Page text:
Apr. 30th, 2008

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Of the four kdramas I've watched recently, three have had a "hero fakes his own death thus causing major trauma to his loved ones and when his loved ones find out (usually years later) they forgive him completely" storyline*, two have had a "hero experiences temporary amnesia" storyline, and all four have had a love triangle. I used to think that Bollywood could get cheesy and melodramatic; I now realize that I had no idea what those words meant.

more on Hong Gil Dong:
This drama really bugs me, because there were times when the writing and dialogue and action were so clever and fantastic and deep, which just made the negatives all the more glaring. One of the things I still can't get over is how stupid they made Yi Nok, for no reason other than to get some laughs out of the ridiculous predicaments she got herself in and had to be rescued from. I don't find the stupid infantile girl portrayal funny, in the same way I wouldn't find exaggerated portrayals of dirty savage indians funny. It's magnifying and presenting negative societal prejudices in ways that reinforces them, which I find annoying at the least and infuriating at the worst. I didn't find it infuriating in this drama, just annoying, because the rest of the females on the show were clever (sometimes). But the fact remains that Yi Nok was the heroine, the one with the most screentime, the one that the guys ended up falling for, the one that you were supposed to identify with and sympathize with the most. I feel like the message a girl watching this show goes away with is that brains count for nothing (which is a good thing because girls have fewer than guys!), that acting stupid and cheerful is the most failsafe method of being desired and loved. And that the creators of this drama were women just makes it all the more wtfish.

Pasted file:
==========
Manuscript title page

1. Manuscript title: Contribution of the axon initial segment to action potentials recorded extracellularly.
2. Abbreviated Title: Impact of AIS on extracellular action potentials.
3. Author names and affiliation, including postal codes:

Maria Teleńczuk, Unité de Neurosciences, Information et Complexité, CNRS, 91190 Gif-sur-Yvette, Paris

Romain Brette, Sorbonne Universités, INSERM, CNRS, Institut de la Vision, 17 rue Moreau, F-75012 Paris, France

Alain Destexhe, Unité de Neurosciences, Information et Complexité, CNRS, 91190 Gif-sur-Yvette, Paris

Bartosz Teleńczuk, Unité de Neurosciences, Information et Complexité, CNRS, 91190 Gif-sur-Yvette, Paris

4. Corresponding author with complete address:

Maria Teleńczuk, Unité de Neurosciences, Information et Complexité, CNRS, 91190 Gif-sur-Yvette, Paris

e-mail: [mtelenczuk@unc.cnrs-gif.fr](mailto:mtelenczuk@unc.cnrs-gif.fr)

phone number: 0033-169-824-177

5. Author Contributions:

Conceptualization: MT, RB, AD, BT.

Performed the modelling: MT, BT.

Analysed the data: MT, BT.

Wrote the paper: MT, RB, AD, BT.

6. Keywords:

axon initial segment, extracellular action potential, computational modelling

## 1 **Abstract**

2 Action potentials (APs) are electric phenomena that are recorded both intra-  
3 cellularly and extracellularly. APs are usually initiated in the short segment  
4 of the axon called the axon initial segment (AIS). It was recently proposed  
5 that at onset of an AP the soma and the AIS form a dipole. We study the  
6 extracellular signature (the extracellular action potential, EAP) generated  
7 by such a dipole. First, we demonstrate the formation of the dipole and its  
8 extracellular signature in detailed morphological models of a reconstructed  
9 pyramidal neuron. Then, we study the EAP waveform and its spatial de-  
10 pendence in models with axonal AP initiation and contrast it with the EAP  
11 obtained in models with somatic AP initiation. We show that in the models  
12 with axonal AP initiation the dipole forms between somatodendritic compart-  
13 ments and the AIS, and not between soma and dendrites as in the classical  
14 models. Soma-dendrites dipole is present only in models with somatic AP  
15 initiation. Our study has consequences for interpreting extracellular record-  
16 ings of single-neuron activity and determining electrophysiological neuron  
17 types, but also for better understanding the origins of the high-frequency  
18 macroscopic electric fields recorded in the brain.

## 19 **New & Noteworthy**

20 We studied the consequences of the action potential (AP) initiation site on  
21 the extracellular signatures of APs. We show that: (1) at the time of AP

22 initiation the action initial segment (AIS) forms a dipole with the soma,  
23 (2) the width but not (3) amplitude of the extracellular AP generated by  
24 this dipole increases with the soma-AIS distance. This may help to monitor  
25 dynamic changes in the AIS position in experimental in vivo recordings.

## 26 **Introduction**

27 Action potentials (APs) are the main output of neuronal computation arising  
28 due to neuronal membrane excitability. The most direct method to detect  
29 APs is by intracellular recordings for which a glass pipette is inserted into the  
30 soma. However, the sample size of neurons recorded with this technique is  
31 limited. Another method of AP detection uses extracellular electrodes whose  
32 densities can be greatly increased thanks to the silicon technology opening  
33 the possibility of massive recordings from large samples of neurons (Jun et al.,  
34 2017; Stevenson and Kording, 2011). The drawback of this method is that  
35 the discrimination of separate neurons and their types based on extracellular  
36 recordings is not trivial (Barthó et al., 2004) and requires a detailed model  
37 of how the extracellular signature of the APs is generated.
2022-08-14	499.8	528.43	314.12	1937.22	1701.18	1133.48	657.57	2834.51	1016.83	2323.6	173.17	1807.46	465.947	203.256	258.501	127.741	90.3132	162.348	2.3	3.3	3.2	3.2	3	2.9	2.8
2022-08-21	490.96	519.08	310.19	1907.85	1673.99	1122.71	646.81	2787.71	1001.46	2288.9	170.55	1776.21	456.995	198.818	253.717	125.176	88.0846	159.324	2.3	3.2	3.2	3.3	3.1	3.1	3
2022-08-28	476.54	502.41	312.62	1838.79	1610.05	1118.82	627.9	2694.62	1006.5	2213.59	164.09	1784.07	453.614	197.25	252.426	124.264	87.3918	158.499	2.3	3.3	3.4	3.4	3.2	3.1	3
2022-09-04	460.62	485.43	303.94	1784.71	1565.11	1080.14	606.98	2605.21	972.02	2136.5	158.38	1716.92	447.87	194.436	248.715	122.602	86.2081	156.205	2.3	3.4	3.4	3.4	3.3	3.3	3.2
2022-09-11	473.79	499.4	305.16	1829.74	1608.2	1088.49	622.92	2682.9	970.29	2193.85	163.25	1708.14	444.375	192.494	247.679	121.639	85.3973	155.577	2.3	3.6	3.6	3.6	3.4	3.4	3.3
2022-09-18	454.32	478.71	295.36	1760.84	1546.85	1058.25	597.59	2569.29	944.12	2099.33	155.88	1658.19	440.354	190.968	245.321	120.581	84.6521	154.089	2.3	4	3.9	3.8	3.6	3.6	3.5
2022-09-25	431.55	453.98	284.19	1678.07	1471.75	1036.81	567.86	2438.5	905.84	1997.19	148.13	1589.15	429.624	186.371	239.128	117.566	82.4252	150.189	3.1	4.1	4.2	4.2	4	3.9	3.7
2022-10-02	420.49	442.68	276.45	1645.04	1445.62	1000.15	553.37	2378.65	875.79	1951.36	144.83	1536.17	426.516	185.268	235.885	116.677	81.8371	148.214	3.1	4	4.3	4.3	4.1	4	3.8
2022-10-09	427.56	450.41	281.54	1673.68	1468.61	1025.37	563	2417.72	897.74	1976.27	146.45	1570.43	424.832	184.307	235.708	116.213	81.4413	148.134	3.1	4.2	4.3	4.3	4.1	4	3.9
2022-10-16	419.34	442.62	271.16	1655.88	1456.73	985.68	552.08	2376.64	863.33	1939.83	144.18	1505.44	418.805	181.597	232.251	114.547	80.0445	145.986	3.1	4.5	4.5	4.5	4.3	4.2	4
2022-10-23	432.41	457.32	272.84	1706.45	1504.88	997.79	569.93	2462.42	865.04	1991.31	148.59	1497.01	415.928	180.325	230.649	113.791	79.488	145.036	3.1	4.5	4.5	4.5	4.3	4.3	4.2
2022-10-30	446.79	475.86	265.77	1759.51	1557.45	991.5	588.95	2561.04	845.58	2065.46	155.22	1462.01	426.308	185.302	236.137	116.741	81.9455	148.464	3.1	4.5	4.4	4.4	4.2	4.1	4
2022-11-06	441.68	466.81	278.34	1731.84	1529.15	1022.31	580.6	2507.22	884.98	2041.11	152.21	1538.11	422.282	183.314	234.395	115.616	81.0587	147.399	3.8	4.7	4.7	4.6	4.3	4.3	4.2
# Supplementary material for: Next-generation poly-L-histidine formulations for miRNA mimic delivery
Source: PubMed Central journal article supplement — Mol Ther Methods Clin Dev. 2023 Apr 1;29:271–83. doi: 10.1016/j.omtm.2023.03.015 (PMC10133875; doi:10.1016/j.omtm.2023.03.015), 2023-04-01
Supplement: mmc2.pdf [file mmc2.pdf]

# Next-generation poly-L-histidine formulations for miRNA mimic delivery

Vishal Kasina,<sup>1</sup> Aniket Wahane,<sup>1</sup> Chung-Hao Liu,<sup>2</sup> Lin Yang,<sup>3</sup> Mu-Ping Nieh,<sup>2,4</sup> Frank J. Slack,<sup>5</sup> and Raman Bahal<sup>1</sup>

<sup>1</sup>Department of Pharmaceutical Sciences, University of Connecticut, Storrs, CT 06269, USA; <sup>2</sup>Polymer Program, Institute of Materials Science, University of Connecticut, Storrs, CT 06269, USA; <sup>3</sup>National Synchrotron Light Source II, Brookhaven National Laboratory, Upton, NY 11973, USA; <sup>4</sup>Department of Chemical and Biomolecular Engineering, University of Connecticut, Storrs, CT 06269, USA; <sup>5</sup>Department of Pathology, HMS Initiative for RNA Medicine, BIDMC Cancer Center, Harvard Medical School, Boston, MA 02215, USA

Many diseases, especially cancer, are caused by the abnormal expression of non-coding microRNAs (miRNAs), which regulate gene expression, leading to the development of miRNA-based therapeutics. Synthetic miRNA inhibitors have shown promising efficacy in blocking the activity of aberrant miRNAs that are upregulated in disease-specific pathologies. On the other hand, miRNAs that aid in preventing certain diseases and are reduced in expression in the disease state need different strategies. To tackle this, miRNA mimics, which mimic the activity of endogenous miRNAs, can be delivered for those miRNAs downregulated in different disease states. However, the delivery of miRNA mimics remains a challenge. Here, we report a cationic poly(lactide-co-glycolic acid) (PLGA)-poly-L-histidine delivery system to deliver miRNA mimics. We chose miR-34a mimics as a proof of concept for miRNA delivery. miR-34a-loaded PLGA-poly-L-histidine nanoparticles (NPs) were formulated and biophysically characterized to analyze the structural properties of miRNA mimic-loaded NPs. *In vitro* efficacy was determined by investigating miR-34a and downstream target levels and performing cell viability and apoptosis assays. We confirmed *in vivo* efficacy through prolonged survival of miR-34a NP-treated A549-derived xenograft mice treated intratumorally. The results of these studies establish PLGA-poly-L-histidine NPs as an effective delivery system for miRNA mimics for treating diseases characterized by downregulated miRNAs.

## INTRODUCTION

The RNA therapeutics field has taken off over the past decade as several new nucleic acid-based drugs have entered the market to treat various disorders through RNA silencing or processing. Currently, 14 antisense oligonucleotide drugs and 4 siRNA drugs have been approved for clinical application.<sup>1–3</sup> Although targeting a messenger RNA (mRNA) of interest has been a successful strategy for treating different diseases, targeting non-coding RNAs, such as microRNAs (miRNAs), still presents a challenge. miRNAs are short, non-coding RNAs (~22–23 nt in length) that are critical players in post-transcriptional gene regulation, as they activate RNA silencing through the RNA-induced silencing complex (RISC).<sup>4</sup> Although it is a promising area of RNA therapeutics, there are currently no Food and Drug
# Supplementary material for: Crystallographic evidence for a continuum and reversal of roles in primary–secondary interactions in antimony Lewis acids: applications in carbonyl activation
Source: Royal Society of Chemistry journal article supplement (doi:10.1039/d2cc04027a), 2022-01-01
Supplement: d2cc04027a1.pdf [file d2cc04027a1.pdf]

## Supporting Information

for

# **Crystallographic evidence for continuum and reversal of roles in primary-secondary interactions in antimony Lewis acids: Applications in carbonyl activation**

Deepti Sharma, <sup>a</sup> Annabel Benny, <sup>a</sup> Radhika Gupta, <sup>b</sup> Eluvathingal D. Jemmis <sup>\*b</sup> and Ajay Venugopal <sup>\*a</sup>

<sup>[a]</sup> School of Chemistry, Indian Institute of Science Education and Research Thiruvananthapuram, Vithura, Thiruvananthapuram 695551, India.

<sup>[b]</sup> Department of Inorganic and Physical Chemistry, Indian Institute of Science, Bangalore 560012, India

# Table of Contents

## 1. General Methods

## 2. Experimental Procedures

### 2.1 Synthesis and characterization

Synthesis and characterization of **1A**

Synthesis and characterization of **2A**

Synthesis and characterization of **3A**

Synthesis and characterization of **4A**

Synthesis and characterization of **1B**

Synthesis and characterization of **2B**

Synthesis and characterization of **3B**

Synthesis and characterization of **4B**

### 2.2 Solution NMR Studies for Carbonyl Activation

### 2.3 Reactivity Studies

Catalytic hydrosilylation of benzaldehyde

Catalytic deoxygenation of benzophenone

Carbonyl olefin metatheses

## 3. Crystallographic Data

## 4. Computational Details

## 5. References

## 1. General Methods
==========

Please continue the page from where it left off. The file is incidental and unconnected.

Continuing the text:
more on Time of Dog & Wolf:
I've realized that if Lee Junki hadn't starred in this drama, I wouldn't have liked it very much, and would probably have dropped it after the first few eps. No one else angsts as prettily as Lee Junki does (and that's including the Blue Spring dude), and if I hadn't had that to distract me I might've gone crazy from trying to reconcile all the plotholes and could never have forgiven the sheer amount of crazyness that all the cast engaged in. As it is, I still feel like I should make a manual on things that Korean secret agents (and those associated with them) should and shouldn't do. The little things like:
(a) if you're working undercover, you probably don't want to leave a disk that has information about your real identity lying around where anyone could find it.
(b) if you're a good guy tailing the bad guys, you probably don't want to confront them in their territory without any backup and then, instead of running away when you find you're outnumbered 40 to 1, start yelling at them.
(c) if someone that's always manipulated and lied to you tells you to do something, you probably shouldn't do it.
(d) if someone you care about seems like he might be working undercover, you probably shouldn't demand that he reveal his real identity to you where others could hear or chase him around or generally act in ways that are likely to get him killed.

I could go on and on. But, yes, I like to think that kdramas have made me a more tolerant and forgiving individual, because after watching them real people are starting to seem like emotional and intellectual geniuses.

* to make matters worse, it is often presented as the hero doing something noble and self-sacrificing, when in any reality that is not kdrama reality such a thing would be interpreted as dumb and unnecessary. then again, that is true of a lot of things that happen in kdrama reality, so.


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